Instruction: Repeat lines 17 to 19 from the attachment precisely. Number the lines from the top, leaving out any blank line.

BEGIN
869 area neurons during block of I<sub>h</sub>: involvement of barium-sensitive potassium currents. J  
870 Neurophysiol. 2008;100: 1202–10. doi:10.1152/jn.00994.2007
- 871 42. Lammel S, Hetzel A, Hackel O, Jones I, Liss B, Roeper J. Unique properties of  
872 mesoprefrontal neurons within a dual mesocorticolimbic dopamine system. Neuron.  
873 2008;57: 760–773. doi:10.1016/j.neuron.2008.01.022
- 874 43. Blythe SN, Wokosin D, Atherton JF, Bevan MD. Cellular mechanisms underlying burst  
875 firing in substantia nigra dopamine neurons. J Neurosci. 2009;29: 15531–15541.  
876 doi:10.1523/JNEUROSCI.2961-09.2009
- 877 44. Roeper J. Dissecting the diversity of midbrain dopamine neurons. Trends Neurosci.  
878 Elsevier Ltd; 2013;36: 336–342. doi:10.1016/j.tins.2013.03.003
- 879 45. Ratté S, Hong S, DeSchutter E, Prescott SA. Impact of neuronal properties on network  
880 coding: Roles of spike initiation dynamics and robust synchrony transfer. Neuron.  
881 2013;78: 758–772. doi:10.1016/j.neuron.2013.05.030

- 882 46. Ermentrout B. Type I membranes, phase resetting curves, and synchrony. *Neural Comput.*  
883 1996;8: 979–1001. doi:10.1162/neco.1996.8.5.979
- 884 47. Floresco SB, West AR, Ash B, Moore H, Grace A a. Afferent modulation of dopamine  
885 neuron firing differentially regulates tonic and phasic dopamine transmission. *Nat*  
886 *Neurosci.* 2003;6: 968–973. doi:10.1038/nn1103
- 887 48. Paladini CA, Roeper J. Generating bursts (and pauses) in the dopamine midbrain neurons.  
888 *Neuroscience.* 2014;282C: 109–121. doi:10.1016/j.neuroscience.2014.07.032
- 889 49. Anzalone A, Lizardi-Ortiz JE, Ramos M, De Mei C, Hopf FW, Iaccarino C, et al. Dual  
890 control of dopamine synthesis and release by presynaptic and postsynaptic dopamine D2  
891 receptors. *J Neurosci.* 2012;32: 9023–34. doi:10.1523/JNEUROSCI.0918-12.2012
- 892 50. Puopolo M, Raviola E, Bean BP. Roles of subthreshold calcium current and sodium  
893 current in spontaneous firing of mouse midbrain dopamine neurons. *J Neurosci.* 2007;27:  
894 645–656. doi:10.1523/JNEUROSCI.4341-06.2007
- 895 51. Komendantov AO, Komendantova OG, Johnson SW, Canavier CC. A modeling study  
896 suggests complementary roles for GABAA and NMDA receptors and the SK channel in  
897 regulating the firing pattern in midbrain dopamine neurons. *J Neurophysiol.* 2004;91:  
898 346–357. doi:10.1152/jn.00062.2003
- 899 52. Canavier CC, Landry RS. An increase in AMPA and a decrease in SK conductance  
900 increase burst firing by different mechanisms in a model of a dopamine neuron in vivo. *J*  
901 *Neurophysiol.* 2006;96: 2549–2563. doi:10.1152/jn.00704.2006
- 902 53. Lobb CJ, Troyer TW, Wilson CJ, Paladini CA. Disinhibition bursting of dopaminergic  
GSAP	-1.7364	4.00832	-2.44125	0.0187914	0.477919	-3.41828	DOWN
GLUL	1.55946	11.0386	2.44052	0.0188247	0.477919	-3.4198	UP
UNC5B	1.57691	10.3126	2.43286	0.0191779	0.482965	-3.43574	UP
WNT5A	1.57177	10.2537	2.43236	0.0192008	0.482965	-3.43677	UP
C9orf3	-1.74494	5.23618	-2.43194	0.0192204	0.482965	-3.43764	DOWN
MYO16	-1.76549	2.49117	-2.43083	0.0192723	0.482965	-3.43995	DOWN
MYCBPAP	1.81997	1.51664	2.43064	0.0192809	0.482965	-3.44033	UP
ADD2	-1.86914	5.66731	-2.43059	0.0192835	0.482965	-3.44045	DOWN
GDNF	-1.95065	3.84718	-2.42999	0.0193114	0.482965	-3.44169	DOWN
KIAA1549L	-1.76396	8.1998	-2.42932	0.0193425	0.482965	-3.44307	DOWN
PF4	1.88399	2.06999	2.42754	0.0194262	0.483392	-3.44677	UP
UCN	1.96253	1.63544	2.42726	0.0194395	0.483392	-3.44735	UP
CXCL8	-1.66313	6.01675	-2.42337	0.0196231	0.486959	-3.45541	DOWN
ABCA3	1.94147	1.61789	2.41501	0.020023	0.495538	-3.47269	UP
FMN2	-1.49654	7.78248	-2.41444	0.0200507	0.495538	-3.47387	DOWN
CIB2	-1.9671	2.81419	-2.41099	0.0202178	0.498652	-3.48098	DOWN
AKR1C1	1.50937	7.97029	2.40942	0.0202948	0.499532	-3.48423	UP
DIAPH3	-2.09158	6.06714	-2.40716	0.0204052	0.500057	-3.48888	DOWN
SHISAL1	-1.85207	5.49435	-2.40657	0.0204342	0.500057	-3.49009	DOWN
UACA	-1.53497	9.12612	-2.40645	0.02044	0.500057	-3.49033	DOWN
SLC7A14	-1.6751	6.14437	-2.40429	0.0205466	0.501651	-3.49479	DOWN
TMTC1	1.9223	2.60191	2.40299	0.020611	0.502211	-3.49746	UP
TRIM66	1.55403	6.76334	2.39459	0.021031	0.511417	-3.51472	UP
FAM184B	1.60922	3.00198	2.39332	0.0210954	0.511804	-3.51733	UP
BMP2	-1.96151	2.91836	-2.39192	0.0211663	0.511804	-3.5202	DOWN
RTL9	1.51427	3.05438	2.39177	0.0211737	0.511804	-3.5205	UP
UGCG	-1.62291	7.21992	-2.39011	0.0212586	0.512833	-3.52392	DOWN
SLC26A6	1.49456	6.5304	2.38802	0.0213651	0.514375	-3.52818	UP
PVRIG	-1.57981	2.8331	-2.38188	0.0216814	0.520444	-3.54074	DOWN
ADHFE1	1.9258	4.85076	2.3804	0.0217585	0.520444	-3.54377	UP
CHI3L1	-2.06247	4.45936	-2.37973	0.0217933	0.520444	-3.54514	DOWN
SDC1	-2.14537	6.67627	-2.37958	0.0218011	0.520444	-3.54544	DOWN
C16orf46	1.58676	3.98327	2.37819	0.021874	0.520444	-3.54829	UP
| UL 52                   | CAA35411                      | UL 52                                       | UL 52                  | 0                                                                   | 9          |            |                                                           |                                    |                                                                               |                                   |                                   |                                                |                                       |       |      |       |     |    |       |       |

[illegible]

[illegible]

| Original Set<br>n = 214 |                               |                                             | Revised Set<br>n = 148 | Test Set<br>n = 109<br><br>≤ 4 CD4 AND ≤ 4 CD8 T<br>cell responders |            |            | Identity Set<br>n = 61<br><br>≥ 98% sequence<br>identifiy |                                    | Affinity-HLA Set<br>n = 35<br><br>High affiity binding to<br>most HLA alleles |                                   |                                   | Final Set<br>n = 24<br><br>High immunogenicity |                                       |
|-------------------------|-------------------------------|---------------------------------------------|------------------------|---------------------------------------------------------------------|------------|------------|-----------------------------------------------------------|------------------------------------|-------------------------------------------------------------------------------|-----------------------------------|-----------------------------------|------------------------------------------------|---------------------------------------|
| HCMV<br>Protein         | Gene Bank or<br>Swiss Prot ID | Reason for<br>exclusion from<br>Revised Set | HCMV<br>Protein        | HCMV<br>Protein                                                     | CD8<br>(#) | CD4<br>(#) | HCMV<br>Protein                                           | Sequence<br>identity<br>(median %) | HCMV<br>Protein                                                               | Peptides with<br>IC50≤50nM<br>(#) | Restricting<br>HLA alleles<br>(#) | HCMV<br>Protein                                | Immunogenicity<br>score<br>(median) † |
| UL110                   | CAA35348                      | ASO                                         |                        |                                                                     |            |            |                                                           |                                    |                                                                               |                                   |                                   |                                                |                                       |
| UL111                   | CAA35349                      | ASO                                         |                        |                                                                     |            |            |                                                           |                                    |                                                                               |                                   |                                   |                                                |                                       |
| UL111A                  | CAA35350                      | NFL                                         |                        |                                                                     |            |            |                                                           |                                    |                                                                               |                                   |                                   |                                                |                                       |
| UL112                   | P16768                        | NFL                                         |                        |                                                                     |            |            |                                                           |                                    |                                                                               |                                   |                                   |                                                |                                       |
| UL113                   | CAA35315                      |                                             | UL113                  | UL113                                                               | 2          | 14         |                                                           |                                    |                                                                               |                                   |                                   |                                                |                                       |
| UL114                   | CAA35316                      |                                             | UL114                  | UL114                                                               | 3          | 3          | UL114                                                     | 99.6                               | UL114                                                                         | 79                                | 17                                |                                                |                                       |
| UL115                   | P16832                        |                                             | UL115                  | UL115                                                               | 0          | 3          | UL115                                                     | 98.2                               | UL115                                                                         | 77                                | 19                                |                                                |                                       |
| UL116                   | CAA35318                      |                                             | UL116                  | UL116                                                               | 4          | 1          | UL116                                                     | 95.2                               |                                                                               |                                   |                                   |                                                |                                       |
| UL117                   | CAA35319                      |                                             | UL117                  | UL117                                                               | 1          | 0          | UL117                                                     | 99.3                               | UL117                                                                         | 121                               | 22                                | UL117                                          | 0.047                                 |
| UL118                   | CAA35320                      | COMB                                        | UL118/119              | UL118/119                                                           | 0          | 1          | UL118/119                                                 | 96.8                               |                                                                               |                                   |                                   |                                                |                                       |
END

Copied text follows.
885 neuron firing differentially regulates tonic and phasic dopamine transmission. *Nat*  
886 *Neurosci.* 2003;6: 968–973. doi:10.1038/nn1103
- 887 48. Paladini CA, Roeper J. Generating bursts (and pauses) in the dopamine midbrain neurons.  